Going to be short and sweet with this one since I am traveling and on semi-vacation. It looks more and more like NACS will be the one. Let me rephrase that, NACS IS the one. The de-facto standard plug for charging your car in the US, if not North America. Rivian was the latest to join Ford and GM to commit to that standard and allow its vehicles to access Tesla’s Supercharging network, or at least a substantial set of them (~12K). Now we just need to get into the details of how it will O-FFICIALLY be the one. With Tesla, the rich get richer since the OEMs & collective charging providers couldn’t put the customer first and the make the charging process any better than the car buying experience. CHINA EVs & MORE Since Lei is currently in Beijing, we are moving Twitter Spaces to 9am ET on Friday for the next few weeks. I will be the host of the Space as well so please look out for a room being hosted by @sinoautoinsight on Friday AM. For those that can’t join the live show, I invite you to listen to our recorded China EVs & More episodes at this site. And as always, we appreciate any feedback that will make the show better. Also, if there are any companies you want our thoughts on, let me know. INTERVIEWED/QUOTED - Joe Lowry: The Global Lithium Podcast. I had the pleasure of being on Joe Lowry’s podcast last week and had a blast chatting with him. We had our Asia / China / Beijing experience to bond over so I feel like I’ve known him for-ever… For those that aren’t familiar with Joe, he’s basically the leading voice on lithium around the world. He knows the history, been part of the initial deals that were foundational to how the space evolved the way it has and has great stories to share so I invite you to have a listen when you get a chance and give him a follow since where EVs go, lithium does too. - The Wire China. For those looking for a unique perspective on the BYD story, you should check out this article and not just because I was interviewed for it (because you all know that every one of those is worth the click). I really enjoy the deeper dive articles that are given enough words or digital real estate to do a company, situation or subject justice and this is one of them. Eliot does a bang up job getting into a lot of different areas including the history and where BYD could be headed in the future. BYD - What do we have here, BYD? A business for the US? We see you. TESLA - BofA analyst says Tesla will be the #1 EV brand in the US by sales in 2026. More breaking news, water is wet. Ghost peppers are spicy. There are A LOT of people in India and China. This dude also said that GM and Ford would outsell Tesla by 2025 in his last report BTW. Homeboy is just guessing at this point. But trust him to tell you where to put your money. NEWS THAT GOT OUR ATTENTION THIS WEEK - Subsidies continue for another 4 years in China. The package totals ~$72B and will exempt purchase tax on New Energy Vehicles (NEVs), for those not familiar with the term it’s a China ONLY term for clean energy vehicles and includes Battery Electric Vehicles (BEVs) + Plug-in Hybrid Vehicles (PHEVs) + Fuel-cell Electric Vehicles (FCEVs). The lion’s share of that equation are BEVs but BYD contributes many vehicles to the PHEV side and will continue to for the foreseeable future. The tax exemption is capped at ¥30K (~$4.1K) for 2024-25 and then halved and capped at ¥15K ($2K) in 2026-27. This is going to be one of the signature stimulus measures the Chinese govt will use to try to push the economy back into (higher) growth mode. - Secretary Pete seems to be serious about building out the US EV capabilities …beyond Tesla. He’s specifically pointing to the rare earth metals mining rights and refining of said rare earths. He doesn’t think the refining gap (more like chasm right now) is ‘addressable.’ What he didn’t say out loud is the part that comes after that - …’if we invest heavily starting today in capacity, innovation and eliminate or massage current laws and environmental policies that would hinder speed. And that we have to accept more risk on some of these investments. AND we should look to partner w/ countries that have similar priorities. ‘Catching up’ is a nonsensical term that shouldn’t be used any further. China has been the leader in passenger vehicle sales since 2009. They have 1.4B people vs the US at 350M. We have 831 cars / 1K people. China has 226 / 1K people. We will NEVER ‘catch up.’China will own the capacity title in ANY sector they want to IF they want to. The US must focus on the quality of innovation and building enough capacity so that our costs can get as close as possible to China’s ‘true’ costs. If an American company can bring true, revolutionary innovation to the battery or charging space, demand moves from old technology to the new technology and sufficient capacity quickly becomes excess. And China is already in danger of having excess in both EV and battery cell production. Lastly, and most importantly the next administration (if it's NOT Biden) has to keep the IRA in place - it's the US' ONLY chance at 'catching up.' - VW is creating its own battery cell IP. By using dry coating during the cell fabricating process, a manufacturer can eliminate significant costs. Currently, a wet ‘slurry’ is used on the electrodes as a binder (both anode & cathode) that increases the electrochemical properties of the electrode, but the drying process takes up a ton of manufacturing floor space at the factory and consumes significant energy drying the slurry. Dry coating would eliminate big steps in the manufacturing process, reduce factory size significantly reducing overall manufacturing costs. Not sure when this will be commercialized but what we do know is Tesla is also working on a dry coating with its 4680 battery cell but is having problems with the cathode side of the dry coating process. For all intents and purposes, this is true ‘gamechanging’ innovation but since we also know Tesla has been talking about this since 2020 but still haven’t gotten it into mass production, I’ll need more proof that VW is bringing this to market in the next 12-18 months before I get too excited. - Since we’re on the topic, Gotion is touting a new chemistry for its battery cells. LFMP cells? Yes, Gotion is adding manganese to a battery chemistry touting range that’ll match NCM / NCA battery cells while being more stable with lower manufacturing costs (not including the savings from innovating out the nickel and lithium). If this technology is right around the corner, Gotion says it could enter production mid-next year, and can begin to be mass produced within the next 2-3 years, this could be a real ‘gamechanger’ for Gotion, its investors (like VW) and its customers. BUT the proof is in the pudding and we know that everyone and their mother is working to reduce cost while increasing range so we SHOULD expect innovations to come out of this sector from American, European, Japanese, Korean and Chinese companies over the next several years. If Gotion can get this into a significant number of vehicles, will it be in vehicles destined for China ONLY vehicles? I could see this as something the Chinese govt would have a hard time allowing to be manufactured in a facility like the one that Gotion is building in Southwest Michigan. TRENDING ON SOCIAL MEDIA - Toyota is using AI to help design its next gen EVs. Should we consider that cheating? And do they have to pay for the IP rights? Toyota should use it to name their next set of vehicles – it wouldn’t be any worse than bZ4X. INTRODUCING - The new Robert Downey, Jr. show that’ll piss some people off. He’s a classic car collector and has good taste in them too. But he’s trying to do his part as an advocate for clean energy too. How to square that circle? By retrofitting classic cars that started as gas guzzlers into vehicles that don’t emit CO2 and making a show about it, enter Downey’s Dream Cars. And by that I mean in one episode he retrofitted a 1962 Mercedes 280 SE to use biofuels to get up and go. Here’s the thing – if I had his money, I’d have a few garages full of cool cars too. Most of them would be ICE classics. Love many of them. But for those that think electric vehicles are an inferior technology and can’t compete with classic cars on speed, handling, etc. Tesla has already popped that balloon. For those that throw out all kinds of 'what about-ism,' just admit that you like vintage and don’t like progress. You’d like things the way they were and not how they will be. And do that without pulling your iPhone out of your pant pocket so you can find out when your next meeting is. To me it’s not an ‘either or’ but it is for them. But if you like speed you should LOVE EVs, right? BY THE NUMBERS - $738M. That’s how much an Abu Dhabi investment vehicle that focuses on mobility companies has invested in NIO. That gives them a 7% stake in NIO. Let's see if and how much that grows by within the next few years. And will there be any pushback from said larger stakes in NIO. Did NIO convince them last week with the price cuts that they’ll not only be around in 10 years but also that they’ll be doing some major damage around the world? Apparently. _________________ This weekly newsletter is a collection of articles we feel best reflect the happenings of the week or important trends that have effects on the global automotive and mobility sectors. We also provide a point of view that we hope educates and sparks debate. The Sino Auto Insights team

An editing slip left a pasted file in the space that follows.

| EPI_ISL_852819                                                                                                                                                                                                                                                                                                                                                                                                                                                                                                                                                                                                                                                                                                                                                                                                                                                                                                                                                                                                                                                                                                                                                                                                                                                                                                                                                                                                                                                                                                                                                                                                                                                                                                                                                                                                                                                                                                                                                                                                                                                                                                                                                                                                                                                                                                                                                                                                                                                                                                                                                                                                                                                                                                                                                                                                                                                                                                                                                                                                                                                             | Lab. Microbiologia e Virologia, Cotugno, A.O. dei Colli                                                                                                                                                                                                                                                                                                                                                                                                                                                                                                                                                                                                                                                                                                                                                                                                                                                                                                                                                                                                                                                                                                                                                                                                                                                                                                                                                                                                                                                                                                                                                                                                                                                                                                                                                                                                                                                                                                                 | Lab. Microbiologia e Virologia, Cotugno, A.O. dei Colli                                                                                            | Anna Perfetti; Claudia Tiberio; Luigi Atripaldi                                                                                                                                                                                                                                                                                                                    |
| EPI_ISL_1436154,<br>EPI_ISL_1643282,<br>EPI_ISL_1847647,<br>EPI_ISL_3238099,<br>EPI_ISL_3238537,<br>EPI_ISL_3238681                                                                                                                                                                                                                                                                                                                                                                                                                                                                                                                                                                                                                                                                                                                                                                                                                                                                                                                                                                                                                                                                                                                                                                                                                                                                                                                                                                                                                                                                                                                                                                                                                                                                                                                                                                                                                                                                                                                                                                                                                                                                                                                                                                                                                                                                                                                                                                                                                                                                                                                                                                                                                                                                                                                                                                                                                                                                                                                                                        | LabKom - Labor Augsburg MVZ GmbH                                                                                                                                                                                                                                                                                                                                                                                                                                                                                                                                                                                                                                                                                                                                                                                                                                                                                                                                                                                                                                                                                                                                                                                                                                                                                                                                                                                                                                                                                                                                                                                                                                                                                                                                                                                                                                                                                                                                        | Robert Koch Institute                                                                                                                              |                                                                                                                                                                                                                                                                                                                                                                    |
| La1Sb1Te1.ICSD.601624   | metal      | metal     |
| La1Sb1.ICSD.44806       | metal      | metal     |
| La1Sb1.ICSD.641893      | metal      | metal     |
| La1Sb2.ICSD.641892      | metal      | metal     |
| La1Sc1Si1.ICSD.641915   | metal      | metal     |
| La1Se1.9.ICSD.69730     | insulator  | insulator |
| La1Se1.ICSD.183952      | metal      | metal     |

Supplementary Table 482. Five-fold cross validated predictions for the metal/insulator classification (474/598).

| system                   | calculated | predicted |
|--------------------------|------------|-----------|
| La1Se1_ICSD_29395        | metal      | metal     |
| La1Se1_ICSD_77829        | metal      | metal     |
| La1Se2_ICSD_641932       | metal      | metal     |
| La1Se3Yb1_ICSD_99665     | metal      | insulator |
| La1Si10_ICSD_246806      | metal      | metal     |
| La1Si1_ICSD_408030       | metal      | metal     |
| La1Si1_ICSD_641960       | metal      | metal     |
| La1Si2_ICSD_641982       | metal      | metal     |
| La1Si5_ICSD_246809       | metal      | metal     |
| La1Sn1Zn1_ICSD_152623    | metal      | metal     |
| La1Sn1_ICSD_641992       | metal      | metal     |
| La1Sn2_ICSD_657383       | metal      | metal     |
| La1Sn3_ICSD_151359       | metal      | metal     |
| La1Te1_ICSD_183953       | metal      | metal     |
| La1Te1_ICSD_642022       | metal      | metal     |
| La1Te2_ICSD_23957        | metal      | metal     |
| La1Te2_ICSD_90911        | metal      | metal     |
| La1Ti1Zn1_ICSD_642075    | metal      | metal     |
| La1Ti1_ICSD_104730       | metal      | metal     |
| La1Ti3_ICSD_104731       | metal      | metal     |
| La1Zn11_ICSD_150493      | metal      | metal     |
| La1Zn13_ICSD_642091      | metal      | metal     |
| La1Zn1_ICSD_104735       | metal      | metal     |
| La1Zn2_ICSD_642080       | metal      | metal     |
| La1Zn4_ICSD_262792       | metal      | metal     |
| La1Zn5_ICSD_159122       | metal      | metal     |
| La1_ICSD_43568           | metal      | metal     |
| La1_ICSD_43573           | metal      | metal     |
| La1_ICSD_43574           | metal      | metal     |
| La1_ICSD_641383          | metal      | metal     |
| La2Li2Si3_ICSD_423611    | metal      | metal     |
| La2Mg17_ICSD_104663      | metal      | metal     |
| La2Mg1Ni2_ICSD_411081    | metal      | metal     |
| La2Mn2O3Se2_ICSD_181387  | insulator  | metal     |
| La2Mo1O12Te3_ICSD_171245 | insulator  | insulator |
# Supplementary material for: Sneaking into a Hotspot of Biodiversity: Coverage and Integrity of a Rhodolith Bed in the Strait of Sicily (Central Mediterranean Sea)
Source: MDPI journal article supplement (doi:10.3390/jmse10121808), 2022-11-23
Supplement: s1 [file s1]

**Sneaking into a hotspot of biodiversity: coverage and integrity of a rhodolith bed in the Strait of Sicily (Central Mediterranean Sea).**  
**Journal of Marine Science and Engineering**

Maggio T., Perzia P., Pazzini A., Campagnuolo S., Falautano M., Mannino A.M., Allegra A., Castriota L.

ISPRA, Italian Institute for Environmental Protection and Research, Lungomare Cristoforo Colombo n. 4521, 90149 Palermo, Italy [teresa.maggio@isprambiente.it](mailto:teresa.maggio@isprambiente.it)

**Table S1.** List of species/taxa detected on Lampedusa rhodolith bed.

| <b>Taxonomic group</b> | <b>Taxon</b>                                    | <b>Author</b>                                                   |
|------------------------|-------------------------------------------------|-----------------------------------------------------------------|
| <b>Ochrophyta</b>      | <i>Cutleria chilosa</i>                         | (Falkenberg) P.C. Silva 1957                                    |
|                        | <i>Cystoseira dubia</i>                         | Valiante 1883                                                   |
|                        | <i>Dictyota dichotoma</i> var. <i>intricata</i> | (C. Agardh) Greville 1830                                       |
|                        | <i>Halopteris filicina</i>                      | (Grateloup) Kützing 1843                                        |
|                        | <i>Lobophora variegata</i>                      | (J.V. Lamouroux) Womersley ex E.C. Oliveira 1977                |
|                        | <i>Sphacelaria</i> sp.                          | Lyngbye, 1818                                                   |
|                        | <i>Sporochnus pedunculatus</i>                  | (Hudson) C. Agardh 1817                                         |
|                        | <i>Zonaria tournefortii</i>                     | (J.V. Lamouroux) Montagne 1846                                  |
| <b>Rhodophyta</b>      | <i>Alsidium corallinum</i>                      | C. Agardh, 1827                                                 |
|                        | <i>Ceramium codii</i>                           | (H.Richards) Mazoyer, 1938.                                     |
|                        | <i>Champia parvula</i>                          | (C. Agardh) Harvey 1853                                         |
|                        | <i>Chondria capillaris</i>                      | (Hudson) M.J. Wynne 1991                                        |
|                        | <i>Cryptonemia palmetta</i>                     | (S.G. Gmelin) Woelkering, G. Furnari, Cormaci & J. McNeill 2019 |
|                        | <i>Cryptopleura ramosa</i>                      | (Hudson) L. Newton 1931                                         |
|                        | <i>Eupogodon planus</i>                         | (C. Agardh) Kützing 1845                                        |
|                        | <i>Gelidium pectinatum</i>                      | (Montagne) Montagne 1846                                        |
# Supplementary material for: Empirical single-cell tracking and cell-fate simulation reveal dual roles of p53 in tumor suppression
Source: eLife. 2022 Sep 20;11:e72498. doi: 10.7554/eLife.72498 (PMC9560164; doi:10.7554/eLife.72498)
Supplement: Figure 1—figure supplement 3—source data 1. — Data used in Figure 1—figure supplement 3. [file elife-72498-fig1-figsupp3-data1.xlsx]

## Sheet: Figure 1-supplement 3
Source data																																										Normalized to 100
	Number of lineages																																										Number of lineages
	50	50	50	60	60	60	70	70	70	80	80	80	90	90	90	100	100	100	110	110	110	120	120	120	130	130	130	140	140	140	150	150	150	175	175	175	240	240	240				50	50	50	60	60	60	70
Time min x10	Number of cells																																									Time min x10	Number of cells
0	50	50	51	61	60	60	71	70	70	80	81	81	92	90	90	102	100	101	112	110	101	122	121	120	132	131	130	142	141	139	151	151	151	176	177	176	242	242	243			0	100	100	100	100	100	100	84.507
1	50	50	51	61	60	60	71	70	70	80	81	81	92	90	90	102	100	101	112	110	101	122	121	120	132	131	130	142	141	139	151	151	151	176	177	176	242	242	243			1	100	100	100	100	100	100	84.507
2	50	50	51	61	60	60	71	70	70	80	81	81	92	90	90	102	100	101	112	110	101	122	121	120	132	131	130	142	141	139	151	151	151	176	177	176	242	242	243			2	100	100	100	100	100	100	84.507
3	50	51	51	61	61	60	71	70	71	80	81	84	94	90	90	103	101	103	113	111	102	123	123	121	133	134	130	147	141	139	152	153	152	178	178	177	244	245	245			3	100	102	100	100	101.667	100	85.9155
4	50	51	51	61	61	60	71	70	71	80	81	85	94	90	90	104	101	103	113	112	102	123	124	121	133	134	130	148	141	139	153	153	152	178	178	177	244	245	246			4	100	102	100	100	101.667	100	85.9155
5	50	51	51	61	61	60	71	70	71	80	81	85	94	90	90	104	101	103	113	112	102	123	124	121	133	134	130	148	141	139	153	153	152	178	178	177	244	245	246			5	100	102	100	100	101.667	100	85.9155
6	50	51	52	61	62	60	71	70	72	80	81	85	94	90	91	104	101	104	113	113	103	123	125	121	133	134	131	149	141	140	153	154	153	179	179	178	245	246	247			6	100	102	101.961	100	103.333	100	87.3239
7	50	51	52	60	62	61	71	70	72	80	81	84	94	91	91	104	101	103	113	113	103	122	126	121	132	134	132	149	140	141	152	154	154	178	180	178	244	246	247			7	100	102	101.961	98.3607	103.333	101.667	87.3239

Sino Auto Insights is a Beijing, China-based market research and advisory firm that specializes in assisting companies analyze, strategize, and develop products and services that will shape the future of mobility and transportation.
Members of our team have experience working in Detroit, Silicon Valley as well as here in China across multiple sectors and functions as entrepreneurs as well as working at larger companies like Apple, Google, Amazon, GM and FCA, and many others.